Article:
Spring 2021: PHYS 601 Methods of Theoretical Physics II
Tue-Thu 12:00-1:15 pm; Room PHYS 223 (First lecture is in person and the following lectures will be online using the Zoom application). The videos of the lectures will be recorded and submitted on YouYube. If you have signed up for the course, or planning to sign up please send me an email so that I can invite you to the SLACK channel.
Prerequisites: Basic familiarity with quantum mechanics and statistical physics. No previous knowledge of renormalization group is assumed.
Course description: In this course, we discuss two main applications of information theory (classical and quantum) in physics: Inference and Coarse-graining.
The course is divided into two parts:
Part I discusses some basic notions of information theory, probability and inference.
Part II discusses coarse-graining, scaling and renormalization group in physics.
The goal of the course is to highlight the information-theoretic origin of some tools and techniques used in statistical physics such as the Gibbs state, Monte Carlo simulations, coarse-graining, scaling and the renormalization group.
Part I: Classical Information, Probability and Inference
References: For part I of the course we will mostly follow lectures from David McKay’s textbook “Information theory, probability and learning algorithms” that can be found here for free.
Other recommended resources for the first part of the course are these video lectures by McKay.
Part II: Coarse-graining, Scaling, and Renormalization
References: For part II of the course we will mostly follow these lectures by John McGreevy.
Other useful resources:
Simon Dedeo’s lectures on renormalization with focus on the applications outside of physics.
Nigel Goldenfeld’s book “Lectures on Phase Transition and Renormalization Group”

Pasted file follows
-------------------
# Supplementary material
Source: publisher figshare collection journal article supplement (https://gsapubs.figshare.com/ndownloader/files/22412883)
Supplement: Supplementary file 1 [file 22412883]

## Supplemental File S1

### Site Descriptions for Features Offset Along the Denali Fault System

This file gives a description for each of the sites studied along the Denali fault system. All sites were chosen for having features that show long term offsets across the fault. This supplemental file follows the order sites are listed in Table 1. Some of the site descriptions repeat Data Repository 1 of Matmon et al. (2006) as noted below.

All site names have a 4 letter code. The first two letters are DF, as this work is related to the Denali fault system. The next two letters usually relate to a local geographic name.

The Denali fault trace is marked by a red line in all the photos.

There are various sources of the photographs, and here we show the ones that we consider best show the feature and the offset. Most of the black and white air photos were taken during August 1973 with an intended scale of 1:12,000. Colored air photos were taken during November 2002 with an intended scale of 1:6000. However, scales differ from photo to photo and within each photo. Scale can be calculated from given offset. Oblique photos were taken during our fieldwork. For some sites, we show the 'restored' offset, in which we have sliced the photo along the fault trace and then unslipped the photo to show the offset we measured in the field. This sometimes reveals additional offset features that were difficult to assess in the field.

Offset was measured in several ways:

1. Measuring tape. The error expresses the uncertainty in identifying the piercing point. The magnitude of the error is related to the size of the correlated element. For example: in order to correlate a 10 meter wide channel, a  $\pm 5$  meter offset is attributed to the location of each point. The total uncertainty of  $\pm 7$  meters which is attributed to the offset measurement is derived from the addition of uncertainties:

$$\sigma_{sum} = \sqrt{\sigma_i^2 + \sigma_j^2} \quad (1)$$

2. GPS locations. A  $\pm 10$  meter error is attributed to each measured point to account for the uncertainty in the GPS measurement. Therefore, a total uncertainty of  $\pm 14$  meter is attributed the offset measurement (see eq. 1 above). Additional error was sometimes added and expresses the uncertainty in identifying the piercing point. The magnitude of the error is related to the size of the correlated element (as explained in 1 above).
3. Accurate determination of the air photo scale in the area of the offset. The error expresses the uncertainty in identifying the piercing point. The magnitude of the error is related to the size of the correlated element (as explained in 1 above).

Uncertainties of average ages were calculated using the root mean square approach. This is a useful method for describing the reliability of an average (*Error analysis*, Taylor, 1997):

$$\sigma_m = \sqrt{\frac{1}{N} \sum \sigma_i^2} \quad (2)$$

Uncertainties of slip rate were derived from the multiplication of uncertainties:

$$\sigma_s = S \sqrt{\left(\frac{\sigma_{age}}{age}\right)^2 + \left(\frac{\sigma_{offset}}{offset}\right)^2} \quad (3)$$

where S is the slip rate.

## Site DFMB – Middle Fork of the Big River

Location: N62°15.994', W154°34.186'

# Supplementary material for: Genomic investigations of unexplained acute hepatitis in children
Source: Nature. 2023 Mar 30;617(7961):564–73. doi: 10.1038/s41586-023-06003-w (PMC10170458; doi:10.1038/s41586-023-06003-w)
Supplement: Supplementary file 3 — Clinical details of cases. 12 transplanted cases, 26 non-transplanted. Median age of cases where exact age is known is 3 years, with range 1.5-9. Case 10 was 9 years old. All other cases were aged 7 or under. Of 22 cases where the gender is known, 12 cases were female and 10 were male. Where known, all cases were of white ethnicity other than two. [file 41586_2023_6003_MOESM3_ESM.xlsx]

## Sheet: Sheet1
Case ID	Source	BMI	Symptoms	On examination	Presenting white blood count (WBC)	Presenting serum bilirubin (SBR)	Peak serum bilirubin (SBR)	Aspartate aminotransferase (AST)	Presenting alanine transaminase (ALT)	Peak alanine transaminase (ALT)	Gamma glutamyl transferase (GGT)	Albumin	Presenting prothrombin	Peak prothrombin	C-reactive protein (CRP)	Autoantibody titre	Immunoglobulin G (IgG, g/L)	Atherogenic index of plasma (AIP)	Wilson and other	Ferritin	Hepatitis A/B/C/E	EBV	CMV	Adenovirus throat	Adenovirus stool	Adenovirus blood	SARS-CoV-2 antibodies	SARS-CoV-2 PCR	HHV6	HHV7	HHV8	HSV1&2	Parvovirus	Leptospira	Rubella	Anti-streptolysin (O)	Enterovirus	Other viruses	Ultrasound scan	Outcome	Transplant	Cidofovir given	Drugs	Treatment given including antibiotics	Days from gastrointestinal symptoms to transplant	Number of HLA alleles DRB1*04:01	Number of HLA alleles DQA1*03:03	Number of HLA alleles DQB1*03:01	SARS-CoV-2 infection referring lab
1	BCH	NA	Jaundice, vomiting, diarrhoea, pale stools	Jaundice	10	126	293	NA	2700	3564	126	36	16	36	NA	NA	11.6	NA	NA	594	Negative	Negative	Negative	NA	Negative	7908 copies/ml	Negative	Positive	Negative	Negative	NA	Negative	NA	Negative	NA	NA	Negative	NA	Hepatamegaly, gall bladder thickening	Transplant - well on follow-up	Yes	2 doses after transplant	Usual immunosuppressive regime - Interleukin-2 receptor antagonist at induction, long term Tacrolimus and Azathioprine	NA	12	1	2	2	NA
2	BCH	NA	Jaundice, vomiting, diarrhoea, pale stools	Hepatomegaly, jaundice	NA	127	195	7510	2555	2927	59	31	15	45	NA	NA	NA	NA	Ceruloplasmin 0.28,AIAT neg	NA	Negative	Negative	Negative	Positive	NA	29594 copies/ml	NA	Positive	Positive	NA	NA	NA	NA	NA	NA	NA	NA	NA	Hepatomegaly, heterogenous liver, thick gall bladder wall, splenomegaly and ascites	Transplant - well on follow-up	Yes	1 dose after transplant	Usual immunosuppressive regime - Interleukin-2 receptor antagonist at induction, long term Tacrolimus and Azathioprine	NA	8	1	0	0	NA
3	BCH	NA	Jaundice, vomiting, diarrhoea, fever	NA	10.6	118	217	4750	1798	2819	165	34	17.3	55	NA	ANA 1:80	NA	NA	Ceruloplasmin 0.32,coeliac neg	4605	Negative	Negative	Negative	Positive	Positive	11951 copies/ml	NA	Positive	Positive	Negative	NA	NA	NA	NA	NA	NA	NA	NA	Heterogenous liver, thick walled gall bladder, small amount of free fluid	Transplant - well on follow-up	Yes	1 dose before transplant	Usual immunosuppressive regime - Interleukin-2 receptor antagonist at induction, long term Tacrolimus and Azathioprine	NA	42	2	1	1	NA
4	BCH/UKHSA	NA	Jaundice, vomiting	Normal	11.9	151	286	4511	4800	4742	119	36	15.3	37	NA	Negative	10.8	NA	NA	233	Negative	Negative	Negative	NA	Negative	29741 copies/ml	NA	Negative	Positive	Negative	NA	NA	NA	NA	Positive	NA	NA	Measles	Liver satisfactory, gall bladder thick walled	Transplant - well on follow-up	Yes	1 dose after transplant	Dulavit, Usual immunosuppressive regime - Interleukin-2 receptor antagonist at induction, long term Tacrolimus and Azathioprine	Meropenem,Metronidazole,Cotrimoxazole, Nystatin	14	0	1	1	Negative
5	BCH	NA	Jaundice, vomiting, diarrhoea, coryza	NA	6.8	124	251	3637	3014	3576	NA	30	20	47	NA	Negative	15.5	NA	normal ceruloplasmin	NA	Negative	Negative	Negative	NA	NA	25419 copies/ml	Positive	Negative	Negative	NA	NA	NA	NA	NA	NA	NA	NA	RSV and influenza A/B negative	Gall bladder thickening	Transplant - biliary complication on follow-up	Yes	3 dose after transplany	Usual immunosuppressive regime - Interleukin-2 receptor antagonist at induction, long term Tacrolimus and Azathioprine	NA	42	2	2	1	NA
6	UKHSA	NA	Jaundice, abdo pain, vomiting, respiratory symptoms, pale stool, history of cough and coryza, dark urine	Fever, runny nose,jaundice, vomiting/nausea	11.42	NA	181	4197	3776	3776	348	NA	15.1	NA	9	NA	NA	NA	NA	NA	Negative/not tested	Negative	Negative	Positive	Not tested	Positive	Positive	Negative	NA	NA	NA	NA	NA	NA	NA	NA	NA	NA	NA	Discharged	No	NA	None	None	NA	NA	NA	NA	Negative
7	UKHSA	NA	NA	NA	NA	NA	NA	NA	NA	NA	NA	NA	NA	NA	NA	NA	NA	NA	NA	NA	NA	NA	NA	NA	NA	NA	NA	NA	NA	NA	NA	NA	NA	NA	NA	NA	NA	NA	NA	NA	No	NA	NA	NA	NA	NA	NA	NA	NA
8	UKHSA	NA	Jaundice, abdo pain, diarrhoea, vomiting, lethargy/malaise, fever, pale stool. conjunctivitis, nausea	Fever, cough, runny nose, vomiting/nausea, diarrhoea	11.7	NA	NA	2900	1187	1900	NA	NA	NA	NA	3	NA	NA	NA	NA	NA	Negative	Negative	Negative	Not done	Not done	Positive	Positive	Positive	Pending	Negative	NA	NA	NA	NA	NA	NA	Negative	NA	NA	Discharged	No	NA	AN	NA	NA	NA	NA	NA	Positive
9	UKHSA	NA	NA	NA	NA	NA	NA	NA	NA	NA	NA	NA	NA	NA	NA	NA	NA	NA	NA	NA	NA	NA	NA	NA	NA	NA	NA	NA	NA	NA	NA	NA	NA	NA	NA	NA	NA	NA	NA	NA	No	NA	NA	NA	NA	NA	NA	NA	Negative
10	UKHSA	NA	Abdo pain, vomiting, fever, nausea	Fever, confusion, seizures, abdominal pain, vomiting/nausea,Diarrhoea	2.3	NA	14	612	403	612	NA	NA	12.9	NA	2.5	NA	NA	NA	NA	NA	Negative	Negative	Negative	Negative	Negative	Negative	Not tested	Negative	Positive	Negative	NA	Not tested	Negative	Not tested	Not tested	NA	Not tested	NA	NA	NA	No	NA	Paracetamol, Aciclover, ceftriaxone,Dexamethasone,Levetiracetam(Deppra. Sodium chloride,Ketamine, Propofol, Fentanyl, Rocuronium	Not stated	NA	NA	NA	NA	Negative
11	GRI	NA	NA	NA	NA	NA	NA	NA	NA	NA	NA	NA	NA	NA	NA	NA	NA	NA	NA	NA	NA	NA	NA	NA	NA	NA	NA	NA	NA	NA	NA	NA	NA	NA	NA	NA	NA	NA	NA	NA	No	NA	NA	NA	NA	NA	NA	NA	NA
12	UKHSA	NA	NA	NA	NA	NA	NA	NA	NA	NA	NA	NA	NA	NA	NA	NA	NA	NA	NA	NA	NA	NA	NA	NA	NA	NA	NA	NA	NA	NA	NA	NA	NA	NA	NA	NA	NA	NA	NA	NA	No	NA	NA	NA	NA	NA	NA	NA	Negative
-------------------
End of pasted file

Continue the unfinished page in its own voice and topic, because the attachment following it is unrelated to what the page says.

John Cardy’s book “Scaling and renormalization in statistical physics”
David Tong’s lectures on “Statistical field theory”
We will use the application Slack to post course announcements, reports, discuss ideas and share interesting papers we have come across. If you are planning to attend the class please send me an email and I will add you to the course channel on Slack. All lectures are going to be recorded and posted on YouTube.
The students should read the relevant section of the lecture notes before coming to class and submit two questions on slack. Every lecture will have homework problems that will be assigned in class and have to be submitted on Slack up to a week after the lecture.
Click on the lecture to download the lecture note. The syllabus is subject to change as the course progresses.
- Lecture 1: Introduction to Information Theory (reading: Section 1 of McKay’s book)
- Lecture 2: Probability, Entropy and Inference (reading: Section 2 of McKay’s book)
- Lecture 3: More about Inference (reading: Section 3 of McKay’s book)
- Lecture 4: An Example Inference Task: Clustering (reading: Section 20 of McKay’s book)
- Lecture 5: Exact Inference by Complete Enumeration (reading: Section 21 of McKay’s book)
- Lecture 6: Maximum Likelihood and Clustering (reading: Section 22 of McKay’s book)
- Lecture 7: Exact Marginalization (reading: Section 24 of McKay’s book)
- Lecture 8: Laplace’s Method, Model Comparison and Occam’s Razor (reading: Sections 27 and 28 of McKay’s book)
- Lecture 9: Monte Carlo Methods (reading: Section 29 of McKay’s book)
- Lecture 10: Efficient Monte Carlo Methods (reading: Section 30 of McKay’s book)
- Lecture 11: Ising Models (reading: Section 31 of McKay’s book)
- Lecture 12: Exact Monte Carlo Sampling (reading: Section 32 of McKay’s book)
- Lecture 13: Variational Methods (reading: Section 33 of McKay’s book)
- Lecture 14: Independent Component Analysis (reading: Section 34 of McKay’s book)
- Lecture 15: Coarse-graining
If you have any questions/comments or suggestions please do not hesitate to send me a message.